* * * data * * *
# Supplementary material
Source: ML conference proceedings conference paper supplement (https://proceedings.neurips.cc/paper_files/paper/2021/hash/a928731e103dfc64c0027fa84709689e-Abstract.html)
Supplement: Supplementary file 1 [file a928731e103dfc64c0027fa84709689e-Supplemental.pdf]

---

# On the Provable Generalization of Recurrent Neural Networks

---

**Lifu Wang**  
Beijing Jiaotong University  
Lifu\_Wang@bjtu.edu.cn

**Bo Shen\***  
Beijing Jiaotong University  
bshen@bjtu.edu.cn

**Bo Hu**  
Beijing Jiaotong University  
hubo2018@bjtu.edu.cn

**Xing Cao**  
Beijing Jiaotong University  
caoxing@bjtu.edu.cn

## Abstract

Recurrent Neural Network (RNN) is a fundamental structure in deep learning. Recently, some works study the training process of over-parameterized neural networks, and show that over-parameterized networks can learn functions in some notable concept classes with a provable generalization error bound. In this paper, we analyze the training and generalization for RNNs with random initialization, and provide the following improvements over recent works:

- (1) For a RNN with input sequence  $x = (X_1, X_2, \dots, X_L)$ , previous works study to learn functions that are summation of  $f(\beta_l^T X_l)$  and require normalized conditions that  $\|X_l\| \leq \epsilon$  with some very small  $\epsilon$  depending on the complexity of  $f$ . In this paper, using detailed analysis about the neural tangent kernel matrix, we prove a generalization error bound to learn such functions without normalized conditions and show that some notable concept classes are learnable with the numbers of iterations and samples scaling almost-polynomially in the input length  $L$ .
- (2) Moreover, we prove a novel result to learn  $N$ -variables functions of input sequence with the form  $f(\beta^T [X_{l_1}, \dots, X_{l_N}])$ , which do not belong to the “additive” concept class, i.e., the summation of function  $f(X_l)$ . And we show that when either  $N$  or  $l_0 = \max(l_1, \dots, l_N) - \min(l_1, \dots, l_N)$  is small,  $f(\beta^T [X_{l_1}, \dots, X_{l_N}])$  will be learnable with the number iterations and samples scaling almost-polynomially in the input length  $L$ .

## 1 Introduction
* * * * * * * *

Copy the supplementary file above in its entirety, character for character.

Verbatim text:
# Supplementary material
Source: ML conference proceedings conference paper supplement (https://proceedings.neurips.cc/paper_files/paper/2021/hash/a928731e103dfc64c0027fa84709689e-Abstract.html)
Supplement: Supplementary file 1 [file a928731e103dfc64c0027fa84709689e-Supplemental.pdf]

---

# On the Provable Generalization of Recurrent Neural Networks

---

**Lifu Wang**  
Beijing Jiaotong University  
Lifu\_Wang@bjtu.edu.cn

**Bo Shen\***  
Beijing Jiaotong University  
bshen@bjtu.edu.cn

**Bo Hu**  
Beijing Jiaotong University  
hubo2018@bjtu.edu.cn

**Xing Cao**  
Beijing Jiaotong University  
caoxing@bjtu.edu.cn

## Abstract

Recurrent Neural Network (RNN) is a fundamental structure in deep learning. Recently, some works study the training process of over-parameterized neural networks, and show that over-parameterized networks can learn functions in some notable concept classes with a provable generalization error bound. In this paper, we analyze the training and generalization for RNNs with random initialization, and provide the following improvements over recent works:

- (1) For a RNN with input sequence  $x = (X_1, X_2, \dots, X_L)$ , previous works study to learn functions that are summation of  $f(\beta_l^T X_l)$  and require normalized conditions that  $\|X_l\| \leq \epsilon$  with some very small  $\epsilon$  depending on the complexity of  $f$ . In this paper, using detailed analysis about the neural tangent kernel matrix, we prove a generalization error bound to learn such functions without normalized conditions and show that some notable concept classes are learnable with the numbers of iterations and samples scaling almost-polynomially in the input length  $L$ .
- (2) Moreover, we prove a novel result to learn  $N$ -variables functions of input sequence with the form  $f(\beta^T [X_{l_1}, \dots, X_{l_N}])$ , which do not belong to the “additive” concept class, i.e., the summation of function  $f(X_l)$ . And we show that when either  $N$  or  $l_0 = \max(l_1, \dots, l_N) - \min(l_1, \dots, l_N)$  is small,  $f(\beta^T [X_{l_1}, \dots, X_{l_N}])$  will be learnable with the number iterations and samples scaling almost-polynomially in the input length  $L$ .

## 1 Introduction